Simone is taking us somewhere really interesting here.  First, it seems difficult to believe that James, Jr. is dead, given how much potential that he has as a character.  As such, when James, Jr. eventually reveals himself to be alive, Barbara will no longer technically be a killer.  But, Simone makes it clear that said technicality doesn’t really matter to either Barbara or the Commissioner.  They both know that Batgirl shot to kill that night.  Simone is using that knowledge to take both characters to interesting places.  Barbara is trying to move past the grief, something she manages to accomplish (at least for now) because of her date with Ricky, an affair that seems unlikely to be anything but tragic in the end.  But, it’s the closing sequence with the Commissioner and Batman that provides the real surprise, with the Commissioner starting down a road of revenge in his quest for Batgirl.  Batman’s words to the Commissioner here – both in terms of losing a child and in crossing the line into vengeance – should be well-taken by the Commissioner, but Simone does a great job of showing us how the Commissioner is too far gone to listen.  Choppy waters ahead, folks.


If I'm not mistaken, this issue is the last issue of "Venom" in my to-read stack, which means that it's my last issue of "Venom" period.  I've been on the fence with this series for a while, probably since the ridiculous "Circle of Four" arc.  But, I kept giving it another chance, trying to make it work.  To be honest, I think that Bunn actually has a pretty decent take on Flash and is giving this series a narrative stability that it's never really had.  (Remember when Flash could only be in the suit for 48 hours or some such time period?  Remember "Project:  Rebirth?"  Remember when he was a Secret Avenger?  Remember all the demon stuff?)  Moving Flash to Philadelphia was a good call and Bunn seems to be using Lord Ogre and Katy Kiernan to great effect, giving Flash a serious nemesis and an unreliable ally.  But, I think I've just been burned too many times by this series to care anymore (or, at least, to start caring, only to have its whole modus operandi changed again).  So, good luck, Flash.  I hope you get the happy ending that you're probably not going to get.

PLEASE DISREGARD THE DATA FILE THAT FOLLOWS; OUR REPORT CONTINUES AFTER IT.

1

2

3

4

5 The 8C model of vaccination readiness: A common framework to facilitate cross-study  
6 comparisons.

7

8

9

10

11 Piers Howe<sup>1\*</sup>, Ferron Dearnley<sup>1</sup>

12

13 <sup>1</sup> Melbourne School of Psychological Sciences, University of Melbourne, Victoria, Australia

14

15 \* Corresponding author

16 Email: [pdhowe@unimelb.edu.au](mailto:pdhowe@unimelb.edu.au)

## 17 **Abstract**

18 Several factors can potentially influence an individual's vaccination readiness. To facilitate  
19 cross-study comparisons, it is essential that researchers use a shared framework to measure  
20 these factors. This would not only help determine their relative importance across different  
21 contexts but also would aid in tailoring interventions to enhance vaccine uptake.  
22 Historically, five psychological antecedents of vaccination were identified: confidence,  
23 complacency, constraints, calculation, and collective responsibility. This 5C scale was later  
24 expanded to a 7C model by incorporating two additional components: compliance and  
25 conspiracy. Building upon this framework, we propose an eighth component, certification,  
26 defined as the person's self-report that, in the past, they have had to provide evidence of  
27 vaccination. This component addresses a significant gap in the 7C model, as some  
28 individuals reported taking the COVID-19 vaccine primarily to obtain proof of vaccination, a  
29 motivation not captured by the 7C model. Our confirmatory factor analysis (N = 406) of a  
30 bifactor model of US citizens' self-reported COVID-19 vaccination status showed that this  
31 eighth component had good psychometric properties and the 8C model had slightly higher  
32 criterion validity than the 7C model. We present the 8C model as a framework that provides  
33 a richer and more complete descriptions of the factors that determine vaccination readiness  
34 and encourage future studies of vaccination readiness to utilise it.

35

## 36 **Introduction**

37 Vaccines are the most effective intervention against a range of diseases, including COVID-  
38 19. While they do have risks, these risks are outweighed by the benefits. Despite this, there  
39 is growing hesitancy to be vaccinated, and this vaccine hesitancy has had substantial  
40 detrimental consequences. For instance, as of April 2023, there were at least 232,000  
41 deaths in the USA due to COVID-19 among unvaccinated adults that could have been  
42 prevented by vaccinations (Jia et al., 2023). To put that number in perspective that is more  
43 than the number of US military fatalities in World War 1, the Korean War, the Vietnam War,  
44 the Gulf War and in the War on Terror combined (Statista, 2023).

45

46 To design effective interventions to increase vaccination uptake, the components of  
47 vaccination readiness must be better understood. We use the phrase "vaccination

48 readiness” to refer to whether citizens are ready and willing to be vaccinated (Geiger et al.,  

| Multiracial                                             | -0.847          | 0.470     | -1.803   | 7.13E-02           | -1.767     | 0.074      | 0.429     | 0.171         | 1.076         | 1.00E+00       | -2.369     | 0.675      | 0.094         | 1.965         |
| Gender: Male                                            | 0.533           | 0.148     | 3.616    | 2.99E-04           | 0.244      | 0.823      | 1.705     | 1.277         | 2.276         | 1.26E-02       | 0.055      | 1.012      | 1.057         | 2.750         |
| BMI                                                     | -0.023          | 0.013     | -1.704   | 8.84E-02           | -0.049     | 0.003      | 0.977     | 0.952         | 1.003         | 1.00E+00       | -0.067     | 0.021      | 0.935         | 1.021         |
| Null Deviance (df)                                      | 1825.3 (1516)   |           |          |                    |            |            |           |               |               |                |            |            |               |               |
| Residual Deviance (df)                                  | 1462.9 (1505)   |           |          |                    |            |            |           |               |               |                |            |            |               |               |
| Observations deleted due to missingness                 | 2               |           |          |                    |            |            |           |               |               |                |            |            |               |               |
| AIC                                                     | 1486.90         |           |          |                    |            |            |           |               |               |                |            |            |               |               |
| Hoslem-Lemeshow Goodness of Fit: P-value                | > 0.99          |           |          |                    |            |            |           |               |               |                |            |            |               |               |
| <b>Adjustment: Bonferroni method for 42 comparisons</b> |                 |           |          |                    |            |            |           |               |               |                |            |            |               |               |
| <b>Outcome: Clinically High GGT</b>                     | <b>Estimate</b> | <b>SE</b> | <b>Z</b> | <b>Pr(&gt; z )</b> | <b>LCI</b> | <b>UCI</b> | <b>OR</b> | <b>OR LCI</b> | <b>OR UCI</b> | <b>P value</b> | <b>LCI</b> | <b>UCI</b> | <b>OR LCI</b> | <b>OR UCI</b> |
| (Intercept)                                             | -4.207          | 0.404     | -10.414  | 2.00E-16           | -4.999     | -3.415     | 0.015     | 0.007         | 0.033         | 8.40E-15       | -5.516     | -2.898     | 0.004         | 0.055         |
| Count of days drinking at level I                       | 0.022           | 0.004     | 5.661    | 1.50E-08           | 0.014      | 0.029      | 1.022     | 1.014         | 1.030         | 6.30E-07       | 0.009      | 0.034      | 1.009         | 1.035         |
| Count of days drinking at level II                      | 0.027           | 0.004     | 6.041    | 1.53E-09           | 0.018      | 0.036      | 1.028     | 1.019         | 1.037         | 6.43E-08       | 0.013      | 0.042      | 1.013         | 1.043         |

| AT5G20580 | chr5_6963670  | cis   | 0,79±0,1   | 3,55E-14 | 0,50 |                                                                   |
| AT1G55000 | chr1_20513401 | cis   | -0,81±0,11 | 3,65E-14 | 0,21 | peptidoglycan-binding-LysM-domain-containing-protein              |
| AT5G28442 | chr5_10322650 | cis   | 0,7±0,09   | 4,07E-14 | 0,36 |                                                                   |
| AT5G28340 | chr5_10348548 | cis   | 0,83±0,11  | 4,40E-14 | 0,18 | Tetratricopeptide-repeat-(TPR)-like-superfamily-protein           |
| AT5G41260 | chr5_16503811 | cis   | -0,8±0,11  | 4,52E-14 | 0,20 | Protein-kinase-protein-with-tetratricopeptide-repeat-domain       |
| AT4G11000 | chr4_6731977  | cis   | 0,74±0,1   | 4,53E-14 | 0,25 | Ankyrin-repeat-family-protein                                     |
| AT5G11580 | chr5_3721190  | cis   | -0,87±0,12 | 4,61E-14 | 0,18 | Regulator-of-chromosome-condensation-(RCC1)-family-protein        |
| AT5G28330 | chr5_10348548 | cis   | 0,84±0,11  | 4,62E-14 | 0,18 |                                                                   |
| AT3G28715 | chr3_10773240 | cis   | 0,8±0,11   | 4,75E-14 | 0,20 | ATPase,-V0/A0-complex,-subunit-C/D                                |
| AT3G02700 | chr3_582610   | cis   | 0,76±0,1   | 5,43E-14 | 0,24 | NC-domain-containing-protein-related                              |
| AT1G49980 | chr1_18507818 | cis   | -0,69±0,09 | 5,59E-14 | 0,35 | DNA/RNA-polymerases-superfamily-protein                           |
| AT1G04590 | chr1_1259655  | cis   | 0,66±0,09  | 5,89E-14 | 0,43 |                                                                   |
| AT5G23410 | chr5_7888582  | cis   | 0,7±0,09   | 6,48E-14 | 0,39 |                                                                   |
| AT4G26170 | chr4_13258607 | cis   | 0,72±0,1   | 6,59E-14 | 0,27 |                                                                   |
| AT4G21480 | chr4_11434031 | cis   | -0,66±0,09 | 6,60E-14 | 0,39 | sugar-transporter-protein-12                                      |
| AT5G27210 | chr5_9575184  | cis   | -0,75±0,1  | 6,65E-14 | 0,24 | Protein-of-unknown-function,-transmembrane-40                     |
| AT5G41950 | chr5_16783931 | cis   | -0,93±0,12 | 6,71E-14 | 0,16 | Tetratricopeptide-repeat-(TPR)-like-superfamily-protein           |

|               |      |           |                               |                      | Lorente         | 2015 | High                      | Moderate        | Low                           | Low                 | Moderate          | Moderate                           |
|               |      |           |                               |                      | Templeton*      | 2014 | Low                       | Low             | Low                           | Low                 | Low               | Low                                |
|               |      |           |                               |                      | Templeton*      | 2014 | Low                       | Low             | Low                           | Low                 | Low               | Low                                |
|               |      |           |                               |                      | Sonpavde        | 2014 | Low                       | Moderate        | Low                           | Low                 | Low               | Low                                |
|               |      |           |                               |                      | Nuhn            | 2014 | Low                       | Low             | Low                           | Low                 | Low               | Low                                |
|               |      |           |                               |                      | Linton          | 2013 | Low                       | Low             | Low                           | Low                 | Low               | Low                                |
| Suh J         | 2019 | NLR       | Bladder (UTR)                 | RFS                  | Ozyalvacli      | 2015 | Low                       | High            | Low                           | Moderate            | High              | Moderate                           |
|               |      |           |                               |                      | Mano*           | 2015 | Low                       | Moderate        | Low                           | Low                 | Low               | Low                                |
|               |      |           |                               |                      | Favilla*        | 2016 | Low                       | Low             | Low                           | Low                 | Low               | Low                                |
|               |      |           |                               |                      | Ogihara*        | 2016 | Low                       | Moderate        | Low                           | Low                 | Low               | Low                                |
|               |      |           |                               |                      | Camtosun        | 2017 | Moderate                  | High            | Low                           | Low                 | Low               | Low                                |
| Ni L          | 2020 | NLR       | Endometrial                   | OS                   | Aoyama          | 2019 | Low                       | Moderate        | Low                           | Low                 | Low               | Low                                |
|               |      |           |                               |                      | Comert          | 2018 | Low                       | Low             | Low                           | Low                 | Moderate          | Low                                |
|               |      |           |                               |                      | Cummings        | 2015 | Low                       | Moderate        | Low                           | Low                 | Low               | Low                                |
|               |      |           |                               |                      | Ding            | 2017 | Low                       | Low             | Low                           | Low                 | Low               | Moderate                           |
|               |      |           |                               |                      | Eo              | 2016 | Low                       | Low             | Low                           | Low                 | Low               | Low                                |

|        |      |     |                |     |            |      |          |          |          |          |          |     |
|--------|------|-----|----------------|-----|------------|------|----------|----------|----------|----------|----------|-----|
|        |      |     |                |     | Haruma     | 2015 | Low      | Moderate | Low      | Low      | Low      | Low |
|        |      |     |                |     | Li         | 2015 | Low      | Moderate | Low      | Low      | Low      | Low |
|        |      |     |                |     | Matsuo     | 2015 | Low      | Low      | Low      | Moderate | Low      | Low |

Saturday, August 24, 2013

Superior Foes of Spider-Man #1 (HERE BE SPOILERS!)

OK, I'll admit to initially having trouble following the plot, in part because I read this issue after maybe having a little bit too much to drink.  I'll also admit to being worried what Speed Demon did with the dog that he stole from the little girl.  (Hopefully, Inspector will meet Pizza Dog one day.)  But, suddenly, everything came together at the end and I realized that Boomerang's intricate plot to get the Superior Foes to spring him from prison was brilliant.  After all, we went from Shocker and Speed Demon delivering bird seed to Boomerang's apartment so that his neighbor could feed his birds while he was in prison to the bird seed being full of diamonds serving as a tribute to Hammerhead so that Boomerang and the Superior Foes could pull off a big score on his territory to Hammerhead actually being Chameleon and Boomerang revealing that said score didn't exist and that it was all a ruse to convince the Superior Foes to spring him.  I mean, I like Nick Spencer, but, man, he really punched above his weight on this one.

Although Spencer leaves it a little unclear why Chameleon would help Boomerang, other than Boomerang's seemingly vague promise to use the Superior Foes to commit crimes of which Chameleon would presumably get a cut, the reveal -- when you finally take a moment, review what happened, and realized where you are -- is one of the best moments in comics that I've read in a long time.